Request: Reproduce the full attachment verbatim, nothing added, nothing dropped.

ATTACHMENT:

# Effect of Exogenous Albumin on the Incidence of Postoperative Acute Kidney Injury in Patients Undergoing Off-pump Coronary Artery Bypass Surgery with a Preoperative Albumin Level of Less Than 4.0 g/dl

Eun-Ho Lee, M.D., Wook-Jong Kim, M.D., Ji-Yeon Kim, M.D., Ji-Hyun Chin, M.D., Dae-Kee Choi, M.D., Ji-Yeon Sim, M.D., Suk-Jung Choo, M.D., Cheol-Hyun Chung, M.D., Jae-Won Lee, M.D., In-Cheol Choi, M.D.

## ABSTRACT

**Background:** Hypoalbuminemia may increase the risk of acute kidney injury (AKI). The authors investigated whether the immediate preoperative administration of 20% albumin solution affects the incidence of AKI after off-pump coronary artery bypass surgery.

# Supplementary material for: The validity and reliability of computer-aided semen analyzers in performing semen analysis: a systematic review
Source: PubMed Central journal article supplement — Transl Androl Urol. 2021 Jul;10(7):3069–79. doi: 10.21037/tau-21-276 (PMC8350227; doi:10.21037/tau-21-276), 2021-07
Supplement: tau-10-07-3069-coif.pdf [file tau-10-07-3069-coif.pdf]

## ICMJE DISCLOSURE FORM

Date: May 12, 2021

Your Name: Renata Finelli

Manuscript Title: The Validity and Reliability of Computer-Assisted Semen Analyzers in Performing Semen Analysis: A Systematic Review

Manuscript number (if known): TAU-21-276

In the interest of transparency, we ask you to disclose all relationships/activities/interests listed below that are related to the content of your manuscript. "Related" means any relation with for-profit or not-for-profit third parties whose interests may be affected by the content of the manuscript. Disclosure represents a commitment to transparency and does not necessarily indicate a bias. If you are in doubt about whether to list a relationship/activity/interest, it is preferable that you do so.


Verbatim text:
# Effect of Exogenous Albumin on the Incidence of Postoperative Acute Kidney Injury in Patients Undergoing Off-pump Coronary Artery Bypass Surgery with a Preoperative Albumin Level of Less Than 4.0 g/dl

Eun-Ho Lee, M.D., Wook-Jong Kim, M.D., Ji-Yeon Kim, M.D., Ji-Hyun Chin, M.D., Dae-Kee Choi, M.D., Ji-Yeon Sim, M.D., Suk-Jung Choo, M.D., Cheol-Hyun Chung, M.D., Jae-Won Lee, M.D., In-Cheol Choi, M.D.

## ABSTRACT

**Background:** Hypoalbuminemia may increase the risk of acute kidney injury (AKI). The authors investigated whether the immediate preoperative administration of 20% albumin solution affects the incidence of AKI after off-pump coronary artery bypass surgery.

# Supplementary material for: The validity and reliability of computer-aided semen analyzers in performing semen analysis: a systematic review
Source: PubMed Central journal article supplement — Transl Androl Urol. 2021 Jul;10(7):3069–79. doi: 10.21037/tau-21-276 (PMC8350227; doi:10.21037/tau-21-276), 2021-07
Supplement: tau-10-07-3069-coif.pdf [file tau-10-07-3069-coif.pdf]

## ICMJE DISCLOSURE FORM

Date: May 12, 2021

Your Name: Renata Finelli

Manuscript Title: The Validity and Reliability of Computer-Assisted Semen Analyzers in Performing Semen Analysis: A Systematic Review

Manuscript number (if known): TAU-21-276

In the interest of transparency, we ask you to disclose all relationships/activities/interests listed below that are related to the content of your manuscript. "Related" means any relation with for-profit or not-for-profit third parties whose interests may be affected by the content of the manuscript. Disclosure represents a commitment to transparency and does not necessarily indicate a bias. If you are in doubt about whether to list a relationship/activity/interest, it is preferable that you do so.